Mr. CHRISTIE: And it is -
COX: In fact, let's draw the line all together. Let's draw the line on this topic. Let's draw the line on this topic because we will never get to the other. It's obviously a good one to discuss.
Mr. CHRISTIE: Last Word Productions.
Ms. MALVEAUX: Amen.
(Soundbite of laughter)
COX: Now, not like that. Let's talk about Emmett Till.
Mr. CHRISTIE: That's a D.C. Navigator for you.
COX: Let's talk about Emmett Till. The tragic murder of Emmett Till was so heinous. It sparked outrage, as we all know, and helped inspire the fight for civil rights. But now half a century later it looks as if no one is going to be punished for that crime.
A grand jury in rural Leflore County, Mississippi, all but closed the case by refusing to indict the woman suspected of accusing Till of whistling at her. She urged her husband to retaliate we know, according to documents made public Tuesday, and the result was the fatal beating of the 14-year-old. And the two men who allegedly carried out the murder died years ago.
So Julianne, there's no statute of limitation on murder, but no witness, apparently no case.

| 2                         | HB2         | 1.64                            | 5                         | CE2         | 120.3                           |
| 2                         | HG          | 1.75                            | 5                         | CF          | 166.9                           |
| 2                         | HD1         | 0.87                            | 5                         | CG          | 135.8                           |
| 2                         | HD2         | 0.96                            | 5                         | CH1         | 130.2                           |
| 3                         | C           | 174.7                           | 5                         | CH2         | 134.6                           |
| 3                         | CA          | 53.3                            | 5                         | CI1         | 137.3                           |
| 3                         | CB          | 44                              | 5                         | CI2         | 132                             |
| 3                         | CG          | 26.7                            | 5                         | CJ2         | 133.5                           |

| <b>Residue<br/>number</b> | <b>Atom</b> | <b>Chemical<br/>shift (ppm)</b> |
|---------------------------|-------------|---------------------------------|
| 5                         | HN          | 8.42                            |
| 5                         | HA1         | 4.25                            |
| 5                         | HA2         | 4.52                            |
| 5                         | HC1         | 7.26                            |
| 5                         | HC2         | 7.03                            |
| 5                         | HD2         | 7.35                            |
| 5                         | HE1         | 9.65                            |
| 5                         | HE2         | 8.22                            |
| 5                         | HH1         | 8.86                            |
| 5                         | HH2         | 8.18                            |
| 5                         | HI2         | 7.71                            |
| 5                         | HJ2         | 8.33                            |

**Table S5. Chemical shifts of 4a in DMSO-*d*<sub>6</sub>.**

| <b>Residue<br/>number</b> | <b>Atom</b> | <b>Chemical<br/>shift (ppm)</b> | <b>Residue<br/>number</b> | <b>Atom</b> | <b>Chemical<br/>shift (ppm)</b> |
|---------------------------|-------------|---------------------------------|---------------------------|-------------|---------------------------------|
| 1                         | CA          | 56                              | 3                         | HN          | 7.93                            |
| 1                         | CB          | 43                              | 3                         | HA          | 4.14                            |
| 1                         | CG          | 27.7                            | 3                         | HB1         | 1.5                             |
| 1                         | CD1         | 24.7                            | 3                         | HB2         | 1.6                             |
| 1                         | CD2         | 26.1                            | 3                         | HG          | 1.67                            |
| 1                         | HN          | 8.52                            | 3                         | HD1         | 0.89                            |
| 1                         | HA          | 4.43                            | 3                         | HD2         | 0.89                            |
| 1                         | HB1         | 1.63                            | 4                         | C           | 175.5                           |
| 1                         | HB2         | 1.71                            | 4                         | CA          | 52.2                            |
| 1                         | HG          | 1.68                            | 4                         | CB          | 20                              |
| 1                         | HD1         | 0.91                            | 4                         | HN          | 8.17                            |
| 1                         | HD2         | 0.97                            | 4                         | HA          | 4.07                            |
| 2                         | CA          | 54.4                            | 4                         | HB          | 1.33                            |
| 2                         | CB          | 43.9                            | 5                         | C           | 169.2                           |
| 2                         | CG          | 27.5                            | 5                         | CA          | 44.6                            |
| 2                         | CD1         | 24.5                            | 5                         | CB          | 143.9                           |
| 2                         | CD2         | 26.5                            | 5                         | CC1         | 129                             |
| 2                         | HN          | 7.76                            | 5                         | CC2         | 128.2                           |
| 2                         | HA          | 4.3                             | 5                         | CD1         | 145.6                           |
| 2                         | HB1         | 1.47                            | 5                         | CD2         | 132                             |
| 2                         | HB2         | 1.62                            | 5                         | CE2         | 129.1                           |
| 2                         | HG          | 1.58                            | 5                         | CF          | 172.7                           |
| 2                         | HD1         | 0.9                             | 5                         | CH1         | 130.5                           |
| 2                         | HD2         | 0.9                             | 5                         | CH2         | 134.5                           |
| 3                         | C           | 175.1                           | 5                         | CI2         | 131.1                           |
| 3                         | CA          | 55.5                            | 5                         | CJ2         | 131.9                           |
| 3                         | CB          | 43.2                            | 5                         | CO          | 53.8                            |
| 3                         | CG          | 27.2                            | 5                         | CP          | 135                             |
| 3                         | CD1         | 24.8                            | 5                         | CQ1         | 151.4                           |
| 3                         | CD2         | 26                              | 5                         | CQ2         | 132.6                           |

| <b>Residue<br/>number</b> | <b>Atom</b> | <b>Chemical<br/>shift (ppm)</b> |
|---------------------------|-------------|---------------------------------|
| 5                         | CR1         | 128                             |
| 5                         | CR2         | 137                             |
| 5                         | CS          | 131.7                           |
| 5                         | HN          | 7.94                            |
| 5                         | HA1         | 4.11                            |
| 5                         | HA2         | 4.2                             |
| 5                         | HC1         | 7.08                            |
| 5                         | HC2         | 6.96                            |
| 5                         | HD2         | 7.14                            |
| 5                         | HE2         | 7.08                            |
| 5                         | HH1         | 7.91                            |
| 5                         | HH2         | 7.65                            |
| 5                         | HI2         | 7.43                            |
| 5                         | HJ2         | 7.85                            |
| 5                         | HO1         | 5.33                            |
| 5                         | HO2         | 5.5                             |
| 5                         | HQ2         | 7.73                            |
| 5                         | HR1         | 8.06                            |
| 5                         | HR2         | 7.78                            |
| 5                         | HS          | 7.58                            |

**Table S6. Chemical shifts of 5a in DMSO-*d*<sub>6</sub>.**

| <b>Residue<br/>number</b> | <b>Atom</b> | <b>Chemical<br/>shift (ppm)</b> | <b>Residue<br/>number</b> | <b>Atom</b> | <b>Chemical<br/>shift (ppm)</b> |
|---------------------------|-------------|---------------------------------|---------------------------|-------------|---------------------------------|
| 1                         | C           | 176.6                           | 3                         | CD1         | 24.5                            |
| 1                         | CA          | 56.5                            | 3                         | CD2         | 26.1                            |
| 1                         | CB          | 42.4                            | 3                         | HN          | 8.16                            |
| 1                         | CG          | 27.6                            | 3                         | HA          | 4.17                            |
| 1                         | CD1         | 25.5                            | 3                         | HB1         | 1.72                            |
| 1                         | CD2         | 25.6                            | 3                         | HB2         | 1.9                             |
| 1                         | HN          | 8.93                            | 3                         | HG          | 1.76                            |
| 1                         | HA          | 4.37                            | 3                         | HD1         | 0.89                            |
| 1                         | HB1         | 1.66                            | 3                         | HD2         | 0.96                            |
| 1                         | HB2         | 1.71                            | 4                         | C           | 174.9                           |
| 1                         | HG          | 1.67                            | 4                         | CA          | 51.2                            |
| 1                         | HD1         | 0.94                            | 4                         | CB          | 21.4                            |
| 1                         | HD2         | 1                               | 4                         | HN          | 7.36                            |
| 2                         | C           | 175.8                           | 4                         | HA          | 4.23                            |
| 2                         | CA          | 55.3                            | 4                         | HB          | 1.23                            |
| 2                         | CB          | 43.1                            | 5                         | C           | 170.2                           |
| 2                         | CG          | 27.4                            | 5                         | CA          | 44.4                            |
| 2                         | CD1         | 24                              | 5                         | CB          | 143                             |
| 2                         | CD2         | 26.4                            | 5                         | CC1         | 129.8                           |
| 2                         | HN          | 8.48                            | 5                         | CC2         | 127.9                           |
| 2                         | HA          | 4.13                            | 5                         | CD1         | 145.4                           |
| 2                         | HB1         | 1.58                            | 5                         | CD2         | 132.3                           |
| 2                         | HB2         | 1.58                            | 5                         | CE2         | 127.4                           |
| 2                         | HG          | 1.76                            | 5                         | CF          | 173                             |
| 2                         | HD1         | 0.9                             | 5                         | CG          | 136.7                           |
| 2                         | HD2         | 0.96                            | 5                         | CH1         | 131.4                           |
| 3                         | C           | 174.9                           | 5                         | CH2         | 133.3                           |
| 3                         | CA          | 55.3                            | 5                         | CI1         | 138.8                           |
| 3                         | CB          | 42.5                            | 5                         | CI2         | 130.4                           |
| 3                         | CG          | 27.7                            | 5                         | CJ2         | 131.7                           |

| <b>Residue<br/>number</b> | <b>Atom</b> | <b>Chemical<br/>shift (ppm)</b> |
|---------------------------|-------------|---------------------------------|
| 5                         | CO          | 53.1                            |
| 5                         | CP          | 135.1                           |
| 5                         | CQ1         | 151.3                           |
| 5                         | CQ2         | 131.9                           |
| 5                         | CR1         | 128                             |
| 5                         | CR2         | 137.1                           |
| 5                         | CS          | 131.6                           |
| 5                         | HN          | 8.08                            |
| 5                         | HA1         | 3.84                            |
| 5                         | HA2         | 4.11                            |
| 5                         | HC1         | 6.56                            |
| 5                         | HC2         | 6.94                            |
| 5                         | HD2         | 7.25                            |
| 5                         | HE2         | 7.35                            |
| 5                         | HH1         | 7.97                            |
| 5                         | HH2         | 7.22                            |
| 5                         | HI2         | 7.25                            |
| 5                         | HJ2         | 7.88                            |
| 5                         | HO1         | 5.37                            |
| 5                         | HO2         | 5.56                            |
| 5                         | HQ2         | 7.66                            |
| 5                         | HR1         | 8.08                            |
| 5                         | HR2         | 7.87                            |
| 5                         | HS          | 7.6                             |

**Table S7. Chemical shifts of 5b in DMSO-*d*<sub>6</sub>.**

Ms. MALVEAUX: Well, you know, while this is a phenomenal tragedy, Tony, what strikes me here is this tragedy is compounded by the number of other murders that took place during the civil rights era that we'll never know about. We know about this one. We know this woman, and let me depart from policy analysis and simply say God don't like ugly and isn't over fond of cute. Girlfriend is going to pay for this one of these days.
But going back to the analyst's hat, you know, there's not a lot that can be done. What we know is that there are thousands of people who were killed - students, others, you know, people found in marshes, people who we never heard from again. And we know that the law enforcement at that era was unwilling or unable to track these people down.
So this is the epitome, as was the open casket of Emmett Till when he died -and his mother had the courage of showing his body open casket to show what have actually been done. It's the epitome of what happened to black people. We should simply be strengthened by this. We should simply be motivated to make sure that our civil rights are fully attained, which they have not yet been. And we should make sure that this basically strengthens us in struggle. But it is a tragedy, but this woman is 73 years old. And if there are not any witnesses, technically there's nothing that can be done.
COX: Well, you know -
Ms. MALVEAUX: Quite frankly, I think that there is more that could be done but people don't want to do it. We're talking Mississippi here.
COX: Well, you know, Robert George, we've had cases come out of the South where - the cold cases that have been followed for years and years and there has been justice brought many years later but not…